Sometimes Merger Math Just Doesn't Add Up

It can make risk seem to disappear

For six years private equity firm Thomas H. Lee Partners tapped the credit markets to buy one consumer-products brand after another and roll them all up into United Industries Corp. But even though United's total debt jumped from $375 million to $860 million by 2005, its leverage—one measure of a deal's riskiness—didn't move much.

How could that be? Part of it was the magic of merger math, a naturally occurring phenomenon that has helped drive $1 trillion in buyouts since the boom began in 2004. It's a pretty simple illusion that happens when a company with a lot of leverage buys one with less. That combined debt load is then spread across all the assets of the new corporate entity. So some key measures of leverage often remain the same or even drop, making it appear from one angle as though there were no additional risk. That can be true even if the acquirer pays the seller a premium, which is usually the case.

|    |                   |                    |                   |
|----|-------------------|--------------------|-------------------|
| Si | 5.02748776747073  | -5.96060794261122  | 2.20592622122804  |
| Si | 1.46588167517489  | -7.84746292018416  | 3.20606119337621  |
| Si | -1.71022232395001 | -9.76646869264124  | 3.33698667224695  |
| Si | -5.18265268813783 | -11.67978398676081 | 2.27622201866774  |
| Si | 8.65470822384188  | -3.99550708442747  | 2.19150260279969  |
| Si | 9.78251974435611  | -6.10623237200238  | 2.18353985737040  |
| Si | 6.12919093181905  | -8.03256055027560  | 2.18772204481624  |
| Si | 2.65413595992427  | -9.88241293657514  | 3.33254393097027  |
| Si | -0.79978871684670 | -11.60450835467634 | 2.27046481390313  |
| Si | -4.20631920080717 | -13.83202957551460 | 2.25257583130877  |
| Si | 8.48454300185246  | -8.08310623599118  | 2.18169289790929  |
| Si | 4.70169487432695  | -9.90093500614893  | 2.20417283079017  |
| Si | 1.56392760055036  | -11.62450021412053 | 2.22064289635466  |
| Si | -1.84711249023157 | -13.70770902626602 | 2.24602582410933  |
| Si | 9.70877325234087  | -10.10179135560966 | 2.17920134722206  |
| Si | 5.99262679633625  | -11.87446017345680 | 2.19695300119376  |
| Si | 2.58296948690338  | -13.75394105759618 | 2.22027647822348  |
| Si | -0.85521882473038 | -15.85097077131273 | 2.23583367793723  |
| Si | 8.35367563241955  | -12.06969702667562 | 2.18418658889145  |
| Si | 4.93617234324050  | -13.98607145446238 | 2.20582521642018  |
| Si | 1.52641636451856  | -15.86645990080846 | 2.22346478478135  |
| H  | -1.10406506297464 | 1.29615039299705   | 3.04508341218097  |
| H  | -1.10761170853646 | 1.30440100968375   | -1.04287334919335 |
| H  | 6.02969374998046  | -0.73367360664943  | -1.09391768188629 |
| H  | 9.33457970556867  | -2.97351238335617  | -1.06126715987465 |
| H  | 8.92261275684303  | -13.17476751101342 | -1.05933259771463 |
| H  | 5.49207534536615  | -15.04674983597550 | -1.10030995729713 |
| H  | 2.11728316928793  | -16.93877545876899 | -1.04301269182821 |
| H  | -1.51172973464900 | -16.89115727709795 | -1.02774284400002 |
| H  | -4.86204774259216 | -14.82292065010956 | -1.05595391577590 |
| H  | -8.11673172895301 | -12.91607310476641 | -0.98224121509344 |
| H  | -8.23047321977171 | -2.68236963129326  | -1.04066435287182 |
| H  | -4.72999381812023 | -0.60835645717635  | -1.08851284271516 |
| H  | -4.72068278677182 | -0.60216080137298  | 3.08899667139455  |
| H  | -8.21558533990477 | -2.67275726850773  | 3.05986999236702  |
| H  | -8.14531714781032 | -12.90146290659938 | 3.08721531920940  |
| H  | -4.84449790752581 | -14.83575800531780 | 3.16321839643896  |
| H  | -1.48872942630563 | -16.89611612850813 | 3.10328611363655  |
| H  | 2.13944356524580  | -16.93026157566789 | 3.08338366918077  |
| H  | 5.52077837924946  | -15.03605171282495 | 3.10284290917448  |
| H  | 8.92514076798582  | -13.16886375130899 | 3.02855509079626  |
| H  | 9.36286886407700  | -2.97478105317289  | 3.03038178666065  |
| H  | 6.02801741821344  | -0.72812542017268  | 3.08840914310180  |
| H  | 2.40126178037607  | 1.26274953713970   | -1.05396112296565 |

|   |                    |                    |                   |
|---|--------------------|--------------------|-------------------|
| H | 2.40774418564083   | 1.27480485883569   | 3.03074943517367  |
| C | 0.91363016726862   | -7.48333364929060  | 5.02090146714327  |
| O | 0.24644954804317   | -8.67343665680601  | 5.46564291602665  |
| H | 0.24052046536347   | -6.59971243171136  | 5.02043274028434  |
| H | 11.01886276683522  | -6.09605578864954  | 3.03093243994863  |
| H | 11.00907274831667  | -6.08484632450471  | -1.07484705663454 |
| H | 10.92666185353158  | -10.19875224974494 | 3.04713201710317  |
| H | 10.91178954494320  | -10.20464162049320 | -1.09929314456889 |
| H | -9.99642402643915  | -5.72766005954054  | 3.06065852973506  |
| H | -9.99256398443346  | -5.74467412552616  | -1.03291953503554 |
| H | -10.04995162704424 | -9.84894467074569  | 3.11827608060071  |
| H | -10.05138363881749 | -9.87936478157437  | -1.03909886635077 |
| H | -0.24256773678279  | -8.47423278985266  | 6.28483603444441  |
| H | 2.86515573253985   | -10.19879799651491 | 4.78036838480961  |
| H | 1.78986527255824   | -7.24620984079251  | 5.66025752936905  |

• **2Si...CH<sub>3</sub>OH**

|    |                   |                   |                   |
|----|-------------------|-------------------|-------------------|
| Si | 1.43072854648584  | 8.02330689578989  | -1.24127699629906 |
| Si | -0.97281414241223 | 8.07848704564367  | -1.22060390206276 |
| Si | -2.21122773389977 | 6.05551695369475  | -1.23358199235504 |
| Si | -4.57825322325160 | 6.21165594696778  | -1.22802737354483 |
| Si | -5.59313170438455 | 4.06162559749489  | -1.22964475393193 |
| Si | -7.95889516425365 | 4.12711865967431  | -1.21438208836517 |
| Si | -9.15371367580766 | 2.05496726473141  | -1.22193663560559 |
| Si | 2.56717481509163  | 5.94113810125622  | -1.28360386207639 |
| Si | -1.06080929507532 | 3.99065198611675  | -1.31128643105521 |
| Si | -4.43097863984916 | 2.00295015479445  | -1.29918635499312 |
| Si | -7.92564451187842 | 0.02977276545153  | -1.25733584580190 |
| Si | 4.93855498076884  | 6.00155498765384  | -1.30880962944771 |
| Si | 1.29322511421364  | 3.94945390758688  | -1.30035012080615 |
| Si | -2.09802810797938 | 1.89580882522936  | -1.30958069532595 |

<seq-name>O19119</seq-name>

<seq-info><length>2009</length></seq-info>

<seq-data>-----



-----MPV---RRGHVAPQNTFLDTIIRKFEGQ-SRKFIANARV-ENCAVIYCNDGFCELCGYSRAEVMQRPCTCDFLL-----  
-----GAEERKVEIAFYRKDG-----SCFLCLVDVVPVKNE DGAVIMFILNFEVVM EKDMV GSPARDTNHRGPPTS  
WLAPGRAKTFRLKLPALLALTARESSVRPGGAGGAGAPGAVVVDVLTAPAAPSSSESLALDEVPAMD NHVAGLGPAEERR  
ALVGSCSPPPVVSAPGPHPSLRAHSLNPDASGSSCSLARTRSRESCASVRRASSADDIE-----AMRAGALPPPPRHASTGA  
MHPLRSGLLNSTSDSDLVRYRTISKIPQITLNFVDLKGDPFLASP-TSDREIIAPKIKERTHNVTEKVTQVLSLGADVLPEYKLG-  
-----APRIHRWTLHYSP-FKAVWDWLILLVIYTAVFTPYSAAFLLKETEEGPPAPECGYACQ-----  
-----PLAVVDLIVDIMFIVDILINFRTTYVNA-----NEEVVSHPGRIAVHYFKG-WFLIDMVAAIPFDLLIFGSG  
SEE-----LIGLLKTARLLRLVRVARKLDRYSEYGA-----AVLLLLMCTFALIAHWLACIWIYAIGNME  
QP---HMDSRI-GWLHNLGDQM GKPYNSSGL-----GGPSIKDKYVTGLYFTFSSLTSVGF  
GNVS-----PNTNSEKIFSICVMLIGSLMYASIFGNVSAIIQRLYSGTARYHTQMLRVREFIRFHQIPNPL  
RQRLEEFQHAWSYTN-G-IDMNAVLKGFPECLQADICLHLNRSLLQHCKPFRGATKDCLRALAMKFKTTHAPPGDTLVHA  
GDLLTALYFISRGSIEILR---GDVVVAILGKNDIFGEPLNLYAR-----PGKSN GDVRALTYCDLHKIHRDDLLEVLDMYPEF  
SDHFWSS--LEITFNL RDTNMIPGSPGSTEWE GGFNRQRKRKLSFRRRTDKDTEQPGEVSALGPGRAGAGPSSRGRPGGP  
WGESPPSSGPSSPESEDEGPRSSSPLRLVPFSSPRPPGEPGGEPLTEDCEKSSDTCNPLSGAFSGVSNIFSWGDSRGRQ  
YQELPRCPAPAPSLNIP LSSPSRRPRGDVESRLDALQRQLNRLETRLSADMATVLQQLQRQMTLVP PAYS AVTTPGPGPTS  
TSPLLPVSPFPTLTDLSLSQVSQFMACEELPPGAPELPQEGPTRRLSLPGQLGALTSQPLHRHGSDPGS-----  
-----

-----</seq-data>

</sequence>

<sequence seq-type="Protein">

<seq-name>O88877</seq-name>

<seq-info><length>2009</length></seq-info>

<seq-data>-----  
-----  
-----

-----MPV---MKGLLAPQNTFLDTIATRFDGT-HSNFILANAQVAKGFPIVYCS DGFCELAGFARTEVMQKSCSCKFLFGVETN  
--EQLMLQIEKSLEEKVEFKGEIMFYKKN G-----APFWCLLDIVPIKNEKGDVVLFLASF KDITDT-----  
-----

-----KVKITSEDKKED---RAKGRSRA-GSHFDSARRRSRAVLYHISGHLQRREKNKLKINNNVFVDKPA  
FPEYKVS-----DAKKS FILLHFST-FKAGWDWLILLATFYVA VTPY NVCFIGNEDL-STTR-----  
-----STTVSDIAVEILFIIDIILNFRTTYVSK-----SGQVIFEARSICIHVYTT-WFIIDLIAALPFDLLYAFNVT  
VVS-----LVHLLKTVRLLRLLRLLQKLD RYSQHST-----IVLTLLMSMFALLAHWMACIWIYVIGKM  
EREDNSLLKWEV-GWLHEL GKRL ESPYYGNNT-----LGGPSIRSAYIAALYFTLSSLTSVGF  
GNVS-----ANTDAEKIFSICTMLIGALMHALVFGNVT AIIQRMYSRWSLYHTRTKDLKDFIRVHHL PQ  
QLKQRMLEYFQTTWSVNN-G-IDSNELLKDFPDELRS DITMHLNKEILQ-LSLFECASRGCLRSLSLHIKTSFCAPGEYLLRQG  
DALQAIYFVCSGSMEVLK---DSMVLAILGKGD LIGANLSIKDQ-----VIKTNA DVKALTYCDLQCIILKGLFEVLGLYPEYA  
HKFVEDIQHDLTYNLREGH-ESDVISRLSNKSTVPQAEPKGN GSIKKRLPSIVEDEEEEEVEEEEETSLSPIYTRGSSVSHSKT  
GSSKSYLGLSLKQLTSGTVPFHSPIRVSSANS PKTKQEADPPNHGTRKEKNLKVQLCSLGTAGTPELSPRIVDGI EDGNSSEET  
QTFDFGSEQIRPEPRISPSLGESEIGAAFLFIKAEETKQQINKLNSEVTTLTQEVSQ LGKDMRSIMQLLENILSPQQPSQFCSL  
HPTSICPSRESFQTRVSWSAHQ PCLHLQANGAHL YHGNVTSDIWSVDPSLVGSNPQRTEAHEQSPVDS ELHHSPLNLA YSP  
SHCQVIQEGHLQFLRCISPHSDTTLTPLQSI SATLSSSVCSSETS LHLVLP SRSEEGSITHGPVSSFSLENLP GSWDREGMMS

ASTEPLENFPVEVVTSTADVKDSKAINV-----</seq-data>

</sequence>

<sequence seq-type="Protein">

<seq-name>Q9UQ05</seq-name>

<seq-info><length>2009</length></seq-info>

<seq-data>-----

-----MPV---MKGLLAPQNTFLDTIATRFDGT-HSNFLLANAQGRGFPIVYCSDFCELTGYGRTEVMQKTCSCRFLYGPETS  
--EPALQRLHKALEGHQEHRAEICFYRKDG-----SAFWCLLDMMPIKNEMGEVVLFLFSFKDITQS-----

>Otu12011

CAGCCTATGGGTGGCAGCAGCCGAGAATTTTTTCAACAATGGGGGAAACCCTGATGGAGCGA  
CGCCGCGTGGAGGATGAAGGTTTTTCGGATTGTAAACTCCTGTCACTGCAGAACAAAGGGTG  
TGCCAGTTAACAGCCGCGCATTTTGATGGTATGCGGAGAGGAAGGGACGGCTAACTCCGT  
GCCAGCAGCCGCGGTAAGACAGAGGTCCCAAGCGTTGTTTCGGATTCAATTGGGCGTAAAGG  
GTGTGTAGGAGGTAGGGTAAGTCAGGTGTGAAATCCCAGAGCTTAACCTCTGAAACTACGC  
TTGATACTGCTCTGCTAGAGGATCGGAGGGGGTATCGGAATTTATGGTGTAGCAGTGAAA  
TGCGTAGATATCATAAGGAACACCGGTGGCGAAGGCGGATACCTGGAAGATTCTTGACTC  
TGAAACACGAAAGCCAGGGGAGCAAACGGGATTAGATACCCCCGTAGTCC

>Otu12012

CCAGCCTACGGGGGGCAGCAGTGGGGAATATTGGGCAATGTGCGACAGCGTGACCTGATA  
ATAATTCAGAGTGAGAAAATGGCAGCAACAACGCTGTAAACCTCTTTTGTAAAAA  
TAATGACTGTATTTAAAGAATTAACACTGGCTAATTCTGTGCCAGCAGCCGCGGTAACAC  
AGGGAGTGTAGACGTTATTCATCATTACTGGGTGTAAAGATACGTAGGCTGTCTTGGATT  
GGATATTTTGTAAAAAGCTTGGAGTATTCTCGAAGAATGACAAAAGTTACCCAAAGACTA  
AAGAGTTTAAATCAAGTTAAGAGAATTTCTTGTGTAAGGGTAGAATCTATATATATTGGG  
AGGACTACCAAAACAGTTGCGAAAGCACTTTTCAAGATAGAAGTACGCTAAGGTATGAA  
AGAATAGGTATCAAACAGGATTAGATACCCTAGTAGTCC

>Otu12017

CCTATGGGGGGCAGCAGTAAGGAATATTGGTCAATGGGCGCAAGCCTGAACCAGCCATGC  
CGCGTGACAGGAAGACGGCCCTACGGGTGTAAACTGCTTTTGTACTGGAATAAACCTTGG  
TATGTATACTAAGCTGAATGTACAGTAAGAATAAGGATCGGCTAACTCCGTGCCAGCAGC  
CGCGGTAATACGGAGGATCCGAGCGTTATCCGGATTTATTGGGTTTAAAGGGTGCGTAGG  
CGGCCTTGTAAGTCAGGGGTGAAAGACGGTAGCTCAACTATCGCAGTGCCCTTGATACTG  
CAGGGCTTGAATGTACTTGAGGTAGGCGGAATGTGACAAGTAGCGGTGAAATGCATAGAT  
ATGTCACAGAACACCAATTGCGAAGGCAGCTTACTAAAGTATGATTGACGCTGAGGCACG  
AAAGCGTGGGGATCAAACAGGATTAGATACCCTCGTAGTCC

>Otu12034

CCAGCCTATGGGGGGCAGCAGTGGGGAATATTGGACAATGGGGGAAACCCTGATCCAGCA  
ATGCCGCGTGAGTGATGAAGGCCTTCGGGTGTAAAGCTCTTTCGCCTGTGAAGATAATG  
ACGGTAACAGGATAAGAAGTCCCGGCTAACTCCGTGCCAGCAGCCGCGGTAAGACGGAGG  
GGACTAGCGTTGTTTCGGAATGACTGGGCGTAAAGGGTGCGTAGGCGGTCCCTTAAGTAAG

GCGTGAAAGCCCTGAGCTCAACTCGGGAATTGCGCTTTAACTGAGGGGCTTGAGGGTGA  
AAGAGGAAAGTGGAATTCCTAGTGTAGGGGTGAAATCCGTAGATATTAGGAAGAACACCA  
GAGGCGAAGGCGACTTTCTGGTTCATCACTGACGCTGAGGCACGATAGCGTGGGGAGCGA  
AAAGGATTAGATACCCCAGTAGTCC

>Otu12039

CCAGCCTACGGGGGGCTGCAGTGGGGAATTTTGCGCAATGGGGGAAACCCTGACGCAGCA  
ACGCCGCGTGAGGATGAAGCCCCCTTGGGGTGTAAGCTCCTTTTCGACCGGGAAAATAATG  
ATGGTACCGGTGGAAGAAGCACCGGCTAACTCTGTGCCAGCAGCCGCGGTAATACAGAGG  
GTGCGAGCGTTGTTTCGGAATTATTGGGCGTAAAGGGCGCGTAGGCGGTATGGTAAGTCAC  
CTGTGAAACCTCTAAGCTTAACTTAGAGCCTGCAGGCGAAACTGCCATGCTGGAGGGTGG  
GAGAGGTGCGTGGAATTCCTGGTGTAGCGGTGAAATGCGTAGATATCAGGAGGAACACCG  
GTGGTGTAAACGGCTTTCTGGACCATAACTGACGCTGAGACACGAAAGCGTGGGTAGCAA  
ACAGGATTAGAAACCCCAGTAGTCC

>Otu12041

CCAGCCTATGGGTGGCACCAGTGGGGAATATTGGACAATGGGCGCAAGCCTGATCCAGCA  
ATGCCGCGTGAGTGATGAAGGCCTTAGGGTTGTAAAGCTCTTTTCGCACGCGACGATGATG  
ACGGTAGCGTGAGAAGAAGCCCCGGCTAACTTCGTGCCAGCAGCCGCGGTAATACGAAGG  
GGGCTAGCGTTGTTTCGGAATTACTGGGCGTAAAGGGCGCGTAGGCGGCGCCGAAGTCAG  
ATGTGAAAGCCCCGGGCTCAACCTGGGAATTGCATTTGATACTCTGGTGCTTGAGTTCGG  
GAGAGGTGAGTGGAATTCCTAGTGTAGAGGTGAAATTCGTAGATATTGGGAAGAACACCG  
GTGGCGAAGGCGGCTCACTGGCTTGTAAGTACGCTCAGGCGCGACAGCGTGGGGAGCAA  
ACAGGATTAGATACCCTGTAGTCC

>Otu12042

When THL first bought United in 1999 for $652 million, it borrowed much of the funds, adding $370 million in debt to the company. That left United's debt load, then rated at a junk B level, at around 6.2 times operating profits, a ratio typically used by lenders and rating agencies to size up a company's borrowing capacity. The company's operating profits were roughly 1.7 times its interest cost on that debt, known commonly as interest coverage.

Three years later, United borrowed as much as half the purchase price for three businesses in fertilizer, potting soil, and insect repellent. Yet by doing so it added enough extra operating profits to reduce its leverage to 5.3 times; interest coverage improved to 2.1, according to estimates at the time by Moody's Investors Service (MCO ).

Other deals followed much the same formula. United's total debt jumped 60% when it bought Nu-Gro Corp., a garden products company, in March, 2004, while its leverage ratio rose just 30%. At the same time, interest coverage got a nice boost since United borrowed using more lower-cost floating-rate loans instead of higher-cost fixed-rate bonds; United's average cost on its debt plunged to 5.71% from 8% a year earlier. When it acquired United Pet three months later, debt increased by 50%, while leverage rose only modestly.

This financial hocus-pocus isn't a problem provided business improves and earnings continue to grow. But the magic can quickly disappear when things go wrong—as happened after United merged with Rayovac to form Spectrum Brands in 2005. Even though its debt stood around 5.5 times profits—no more than it was after the original United deals a few years earlier—that load became a crushing burden.

By David Henry

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